Greenshields 345 Water Street, Vancouver V6B 1B8
The Greenshields Building is a four-storey Romanesque Revival style building located on the north side of Water Street in the historic district of Gastown. The building was built in two halves simultaneously in 1901-02, which were designed to appear as one. The building has never been legally consolidated and each half is under different ownership, thus the two primary addresses of 341 and 345 Water. The site slopes to the north; Water Street marked the edge of the original waterfront, and the lot was filled to allow construction.
Gastown is the historic core of Vancouver, and is the city's earliest, most historic area of commercial buildings and warehouses. The Greenshields Building is representative of the importance of Gastown as the trans-shipment point between the terminus of the railway and Pacific shipping routes, and the consequent expansion of Vancouver into western Canada's predominant commercial centre in the late nineteenth and early twentieth centuries. As Vancouver prospered, substantial warehouses were built on piles on filled water lots between Water Street and the Canadian Pacific Railway (CPR) trestle. Loading bays at the lower level faced the railway tracks, which allowed goods to be off-loaded directly from trains. The massive cubic form, high density, large clear-span floor plate and notable height of this structure are a clear indication of the extent and prosperity of commercial trade during this period.
This structure represents the western expansion of large corporations into new western markets after the construction of the transcontinental railway. S. Greenshields, Son and Company, a prominent dry goods firm, was first established in Montreal. The company opened their western headquarters in Winnipeg, and then established an outlet in Vancouver in 1888, demonstrating confidence that the new city would flourish. J.M. McLuckie, prominent local contractor, was retained to build this large structure. It is likely that James H. Cadham, a prominent Winnipeg architect who designed the Greenshields Warehouse in Winnipeg in 1903, and who designed many similar warehouses, provided the plans for both halves of this building. The Greenshields Building was constructed in two halves; the eastern half of the building at 341 Water, originally called the Prentice Block, but now considered as the second half of the Greenshields Building, was operated separately and was originally occupied by Kelly, Douglas and Company, a rapidly-growing wholesale grocery firm that would build their own enormous warehouse just a few years later.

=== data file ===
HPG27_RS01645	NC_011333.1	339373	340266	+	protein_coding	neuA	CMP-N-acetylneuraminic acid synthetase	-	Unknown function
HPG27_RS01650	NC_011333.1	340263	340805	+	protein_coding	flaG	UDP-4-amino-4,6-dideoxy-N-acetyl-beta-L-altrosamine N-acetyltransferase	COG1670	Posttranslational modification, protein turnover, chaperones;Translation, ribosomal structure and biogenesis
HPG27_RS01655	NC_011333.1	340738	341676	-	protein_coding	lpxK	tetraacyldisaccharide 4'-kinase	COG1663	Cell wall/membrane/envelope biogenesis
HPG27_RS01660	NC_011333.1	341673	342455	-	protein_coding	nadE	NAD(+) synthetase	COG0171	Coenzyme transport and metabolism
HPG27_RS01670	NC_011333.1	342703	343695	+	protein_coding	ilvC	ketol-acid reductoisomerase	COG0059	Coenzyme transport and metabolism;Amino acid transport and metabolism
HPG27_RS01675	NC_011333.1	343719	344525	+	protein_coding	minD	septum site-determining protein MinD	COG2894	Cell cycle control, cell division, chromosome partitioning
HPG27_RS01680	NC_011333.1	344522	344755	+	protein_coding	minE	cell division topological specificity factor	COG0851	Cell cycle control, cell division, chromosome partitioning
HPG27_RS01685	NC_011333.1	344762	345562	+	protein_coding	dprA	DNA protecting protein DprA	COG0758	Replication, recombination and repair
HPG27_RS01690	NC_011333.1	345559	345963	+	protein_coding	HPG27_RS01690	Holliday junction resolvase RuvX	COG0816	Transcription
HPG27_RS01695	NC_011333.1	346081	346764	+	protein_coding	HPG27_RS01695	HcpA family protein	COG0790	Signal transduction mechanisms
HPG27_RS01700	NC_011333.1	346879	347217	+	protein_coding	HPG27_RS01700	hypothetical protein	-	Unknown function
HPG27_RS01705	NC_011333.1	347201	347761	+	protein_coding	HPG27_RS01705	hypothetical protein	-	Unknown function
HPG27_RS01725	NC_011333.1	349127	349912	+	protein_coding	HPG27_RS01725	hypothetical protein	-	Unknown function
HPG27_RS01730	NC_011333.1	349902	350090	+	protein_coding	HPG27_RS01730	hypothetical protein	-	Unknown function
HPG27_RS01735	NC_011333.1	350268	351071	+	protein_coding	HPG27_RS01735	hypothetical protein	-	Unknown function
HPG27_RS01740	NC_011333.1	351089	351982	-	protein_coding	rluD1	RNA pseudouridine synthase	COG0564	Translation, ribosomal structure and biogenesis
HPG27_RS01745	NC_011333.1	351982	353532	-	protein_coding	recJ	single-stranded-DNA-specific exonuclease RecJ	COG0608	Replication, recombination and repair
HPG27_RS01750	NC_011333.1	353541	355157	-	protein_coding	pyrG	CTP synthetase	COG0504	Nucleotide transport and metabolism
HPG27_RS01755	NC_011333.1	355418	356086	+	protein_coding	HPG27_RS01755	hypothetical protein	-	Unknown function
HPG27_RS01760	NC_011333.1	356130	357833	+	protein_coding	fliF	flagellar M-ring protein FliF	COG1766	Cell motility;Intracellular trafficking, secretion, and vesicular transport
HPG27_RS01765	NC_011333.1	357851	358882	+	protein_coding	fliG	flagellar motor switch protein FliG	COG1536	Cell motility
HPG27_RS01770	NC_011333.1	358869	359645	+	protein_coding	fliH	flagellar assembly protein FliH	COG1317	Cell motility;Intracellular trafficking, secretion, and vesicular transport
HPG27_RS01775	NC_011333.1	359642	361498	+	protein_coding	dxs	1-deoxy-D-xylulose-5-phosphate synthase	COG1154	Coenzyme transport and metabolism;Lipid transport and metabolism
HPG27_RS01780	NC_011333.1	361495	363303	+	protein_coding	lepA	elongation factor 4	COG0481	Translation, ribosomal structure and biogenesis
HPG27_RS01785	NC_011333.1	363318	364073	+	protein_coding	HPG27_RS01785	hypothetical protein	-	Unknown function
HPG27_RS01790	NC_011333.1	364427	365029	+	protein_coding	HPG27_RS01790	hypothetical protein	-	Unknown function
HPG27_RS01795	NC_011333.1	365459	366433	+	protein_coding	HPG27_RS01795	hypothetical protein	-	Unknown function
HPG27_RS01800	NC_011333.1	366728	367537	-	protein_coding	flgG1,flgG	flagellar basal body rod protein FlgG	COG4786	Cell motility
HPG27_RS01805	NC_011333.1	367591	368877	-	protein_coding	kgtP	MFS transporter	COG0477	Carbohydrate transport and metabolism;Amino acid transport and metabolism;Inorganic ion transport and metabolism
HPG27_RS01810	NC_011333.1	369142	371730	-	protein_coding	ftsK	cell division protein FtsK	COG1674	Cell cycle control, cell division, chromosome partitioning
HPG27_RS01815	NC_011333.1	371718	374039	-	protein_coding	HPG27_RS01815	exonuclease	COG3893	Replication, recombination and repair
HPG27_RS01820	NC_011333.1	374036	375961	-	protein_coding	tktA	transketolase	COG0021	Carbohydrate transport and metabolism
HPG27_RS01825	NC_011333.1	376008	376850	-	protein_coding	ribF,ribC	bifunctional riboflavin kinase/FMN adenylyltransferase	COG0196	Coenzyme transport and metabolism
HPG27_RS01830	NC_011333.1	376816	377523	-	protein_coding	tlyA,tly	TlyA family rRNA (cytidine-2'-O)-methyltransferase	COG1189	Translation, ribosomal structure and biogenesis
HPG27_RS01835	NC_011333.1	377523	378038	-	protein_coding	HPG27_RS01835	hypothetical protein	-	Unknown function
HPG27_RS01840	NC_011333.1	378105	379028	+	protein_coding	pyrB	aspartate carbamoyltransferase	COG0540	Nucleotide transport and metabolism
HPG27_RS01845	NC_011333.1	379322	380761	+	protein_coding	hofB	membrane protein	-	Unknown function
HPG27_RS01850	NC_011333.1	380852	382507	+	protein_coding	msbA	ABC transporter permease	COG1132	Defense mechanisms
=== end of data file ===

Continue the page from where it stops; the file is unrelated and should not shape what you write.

The building is also valued for its architecture and its sculptural elaboration. This sophisticated example of the Romanesque Revival style has a powerful rhythm and unity, conveying the strength and security of the company, and establishing the character of Gastown as a successful and progressive commercial district. The carved sandstone capitals are notable examples of deep relief figural carving.
Source: City of Vancouver, Heritage Planning Street Files
Key elements that define the heritage character of the Greenshields Building include its:
- location on the north side of Water Street, in close proximity to the waterfront of Burrard Inlet and the CPR yard, with an alley to the east side
- siting on the property lines, with no setbacks
- flat-roofed four-storey plus lower level form, scale and massing, and large floor plate
- side-by-side construction in two separate halves, visually joined by the use of a common architectural vocabulary
- Romanesque Revival architectural characteristics, including the arch-and-spandrel windows, vertical brick pilasters, patterned brickwork, corbelled cornice with repeating arch motif, and carved sandstone capitals at the ground and second floors on the front facade
- masonry construction, including red brick walls, rough-dressed ground floor sandstone columns, and sandstone sills and lintels
- varied front facade fenestration, such as: double-hung 1-over-1 wood-sash windows on the second and fourth floors; arched triple-assembly double-hung 1-over-1 wood-sash windows on the third floor; and smaller windows on the top floor
- rectangular storefront openings with iron I-beam lintels with repeating lion head rosettes
- segmental arched window openings on the east side and the east half of the rear facade, with double-hung 1-over-1 wood-sash windows; single-assembly windows on the side facade and double-assembly at the rear
- loading bays at the lower level of the rear facade on the east side
- superior workmanship, as exemplified by the deep relief figural carving of the front facade capitals
- heavy timber frame construction
- surviving interior details including pressed tin ceilings